We were heading south and had the choice of stopping at Agadir or Marrakech. We loved Agadir, which was a cosmopolitan seaside town an attractive promenade and interesting restaurants. Unfortunately, the camp site, although within walking distance of the town, was one of the worst we had ever visited. We had had our stuff stolen from outside our van when we stayed there and when we complained to the manager of the site he seemed to find it very amusing.
So we decided to head towards Marrakech where we had heard of a site that was supposed to be be the best in Morocco. As we approached Marrakech we could see the snow capped High Atlas Mountains in the distance; the temperature in the city was 25°.
The site was lovely, clean and tidy with grassy areas, lemon trees and other flowering shrubs, a swimming pool – and a washing machine. We stayed there two days but chose not to go into Marrakech as the weather was too warm for sight seeing.
We stopped overnight at a typical Moroccan walled camp site. There were stylish electrical points placed at regular intervals along the pitches topped with ornamental lights but when we tried to connect the electricity not one of them worked. The guardian came over and tried various sockets and then went away and returned with his boss who also kept trying socket after socket. Finally they gave up but assured us if there was anything at all we wanted, all we had to do was to ask. An electric hook up would have been top of our wish list.
And then we come to the toilet block which looked quite hopeful with mats at the door and a basket of cleaning materials sitting in the entrance. One of the showers had “Chaud” scribbled on the door and I did have a warm shower but the whole place was dirty and needed a good scrub. Most of the pedestal toilets wobbled dangerously, few had attached seats or lids, there was no loo paper and usually the inside of the bowl was disgustingly soiled. I kept a pack of antibacterial wipes in my wash bag to sanitise the toilet seat and to use on the flush handle, when available.
We had to keep the fly screen on the door closed to prevent cats and dogs coming in to the van. Some French people were having lunch outside their van and a cat jumped onto the table and snatched a piece of food from the plate. They shouted and threw a shoe at it but it got away and we next saw it sitting in the sun licking its lips.
Rain was forecast for the following day so we decided to come down from the mountains and head west towards the coast where the weather would be better. Driving in rural Morocco, once you accustomed yourself to the bizarre road conditions, was an enjoyable experience. People by the road side would often wave as you drove by, especially the young children who would run along beside you calling out greetings and waving cheerfully.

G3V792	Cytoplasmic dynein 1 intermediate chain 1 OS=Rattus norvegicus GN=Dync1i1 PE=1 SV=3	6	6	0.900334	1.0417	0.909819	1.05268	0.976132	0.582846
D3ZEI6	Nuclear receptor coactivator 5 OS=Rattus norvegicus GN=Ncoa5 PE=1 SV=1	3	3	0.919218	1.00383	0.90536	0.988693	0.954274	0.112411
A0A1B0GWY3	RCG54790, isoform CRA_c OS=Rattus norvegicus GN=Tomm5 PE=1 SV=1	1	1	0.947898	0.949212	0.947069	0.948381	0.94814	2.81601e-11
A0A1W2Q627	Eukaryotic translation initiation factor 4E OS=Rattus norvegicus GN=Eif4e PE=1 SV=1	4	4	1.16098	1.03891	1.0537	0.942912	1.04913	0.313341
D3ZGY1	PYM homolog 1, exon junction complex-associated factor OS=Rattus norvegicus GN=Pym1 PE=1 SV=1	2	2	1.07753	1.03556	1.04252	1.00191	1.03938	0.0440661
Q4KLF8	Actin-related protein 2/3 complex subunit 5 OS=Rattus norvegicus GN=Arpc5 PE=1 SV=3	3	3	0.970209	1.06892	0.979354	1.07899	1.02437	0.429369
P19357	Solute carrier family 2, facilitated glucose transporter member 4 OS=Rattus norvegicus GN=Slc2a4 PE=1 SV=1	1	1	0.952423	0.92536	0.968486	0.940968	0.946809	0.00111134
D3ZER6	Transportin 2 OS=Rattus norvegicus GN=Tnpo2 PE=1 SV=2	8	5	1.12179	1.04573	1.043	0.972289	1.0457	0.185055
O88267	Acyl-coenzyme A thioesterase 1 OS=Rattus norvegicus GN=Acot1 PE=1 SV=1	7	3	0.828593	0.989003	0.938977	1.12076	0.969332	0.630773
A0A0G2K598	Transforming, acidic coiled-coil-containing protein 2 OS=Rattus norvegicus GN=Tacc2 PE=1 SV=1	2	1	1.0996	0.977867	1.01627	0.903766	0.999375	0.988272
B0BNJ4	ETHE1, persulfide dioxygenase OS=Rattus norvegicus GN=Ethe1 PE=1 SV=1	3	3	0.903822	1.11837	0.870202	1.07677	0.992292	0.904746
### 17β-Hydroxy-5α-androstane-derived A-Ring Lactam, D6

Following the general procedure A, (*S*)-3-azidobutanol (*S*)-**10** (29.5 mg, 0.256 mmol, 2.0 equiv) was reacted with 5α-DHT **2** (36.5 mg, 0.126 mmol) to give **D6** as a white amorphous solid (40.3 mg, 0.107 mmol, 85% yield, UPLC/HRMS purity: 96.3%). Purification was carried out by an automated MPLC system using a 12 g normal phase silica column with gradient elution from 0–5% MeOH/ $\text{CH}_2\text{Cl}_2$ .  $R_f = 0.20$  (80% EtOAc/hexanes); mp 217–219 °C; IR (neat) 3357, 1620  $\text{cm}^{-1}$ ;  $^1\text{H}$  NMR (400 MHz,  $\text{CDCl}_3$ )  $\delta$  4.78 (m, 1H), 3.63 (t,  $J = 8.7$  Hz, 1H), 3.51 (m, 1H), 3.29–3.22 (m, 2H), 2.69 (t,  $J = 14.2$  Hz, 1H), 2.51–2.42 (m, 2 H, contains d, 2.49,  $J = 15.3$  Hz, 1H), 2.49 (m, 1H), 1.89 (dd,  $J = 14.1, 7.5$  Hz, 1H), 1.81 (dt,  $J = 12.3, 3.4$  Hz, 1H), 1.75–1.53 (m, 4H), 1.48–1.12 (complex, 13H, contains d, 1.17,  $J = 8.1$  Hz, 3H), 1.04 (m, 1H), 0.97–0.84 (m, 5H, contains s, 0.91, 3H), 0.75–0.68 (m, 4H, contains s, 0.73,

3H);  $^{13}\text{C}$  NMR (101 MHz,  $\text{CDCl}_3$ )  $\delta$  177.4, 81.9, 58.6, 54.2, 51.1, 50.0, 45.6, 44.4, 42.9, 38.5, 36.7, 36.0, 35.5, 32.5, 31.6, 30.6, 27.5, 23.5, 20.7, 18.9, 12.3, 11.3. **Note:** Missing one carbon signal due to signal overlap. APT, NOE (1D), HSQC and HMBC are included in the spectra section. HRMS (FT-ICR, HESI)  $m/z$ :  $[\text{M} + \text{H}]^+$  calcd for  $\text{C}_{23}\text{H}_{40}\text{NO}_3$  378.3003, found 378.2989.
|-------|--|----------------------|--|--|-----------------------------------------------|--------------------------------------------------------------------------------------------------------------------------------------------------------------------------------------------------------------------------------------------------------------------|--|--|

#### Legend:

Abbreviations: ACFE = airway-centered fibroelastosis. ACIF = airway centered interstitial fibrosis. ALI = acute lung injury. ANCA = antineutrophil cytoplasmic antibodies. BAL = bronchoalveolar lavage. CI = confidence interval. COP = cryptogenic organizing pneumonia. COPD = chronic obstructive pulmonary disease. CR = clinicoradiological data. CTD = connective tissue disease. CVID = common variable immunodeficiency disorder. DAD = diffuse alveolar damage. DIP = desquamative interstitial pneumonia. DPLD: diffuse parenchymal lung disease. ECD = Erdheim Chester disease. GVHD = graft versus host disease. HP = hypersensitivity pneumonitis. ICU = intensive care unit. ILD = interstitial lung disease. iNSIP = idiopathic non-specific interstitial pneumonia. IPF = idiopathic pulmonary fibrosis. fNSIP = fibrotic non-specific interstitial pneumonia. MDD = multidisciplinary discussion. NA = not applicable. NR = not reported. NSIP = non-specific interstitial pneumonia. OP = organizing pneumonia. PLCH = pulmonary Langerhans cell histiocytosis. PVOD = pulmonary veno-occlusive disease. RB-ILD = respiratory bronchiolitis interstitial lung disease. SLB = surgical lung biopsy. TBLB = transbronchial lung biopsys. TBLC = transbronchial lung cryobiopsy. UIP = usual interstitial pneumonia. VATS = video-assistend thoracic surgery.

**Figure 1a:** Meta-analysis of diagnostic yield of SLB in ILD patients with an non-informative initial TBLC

Police road blocks were common, usually near major road junctions and approaches to towns. The police were armed and had ugly looking stingers by the side of the road ready to deploy. We saw many motorists being stopped but we had no idea what the police were checking. We, I assumed because we were tourists, were always waved on through with a smile and often a salute.
We made good progress once we reached the three lane toll motorway although heavy rain made driving conditions challenging. The poor standard of driving was alarming. Cars straddled lanes and regularly changed lanes without indicating. Undertaking was common practice but sometimes it was the only way you could get past a slow moving vehicle hogging the centre lane. We saw groups of pedestrians, often laden with heavy bags, crossing the motorway and there were sellers of wares lined up on the slip roads.
The dual carriageways were just as hazardous and once, in the pouring rain with poor visibility, we encountered a donkey and cart coming towards against the flow of fast moving traffic. At a busy three lane junction approaching a roundabout we saw a family with young children weaving amongst the moving cars selling their wares.
It was 22° when we arrived at the campsite high above Chefchaouen and we were soon relaxing in the afternoon sunshine, catching up on our pre dawn start that morning. Towards the end of the day when it was cooler we strolled down the steep hill to the town, wandering through the maze of ancient cobbled steps of the old city with its blue painted walls. We had a meal at a fish restaurant that served us with freshly baked bread, a super fresh salad followed by a plate of grilled fishes and calamari with rice and chips on the side – all washed down with a delicious chilled bottle of . . . . . . mineral water. We paid less than £8 for everything.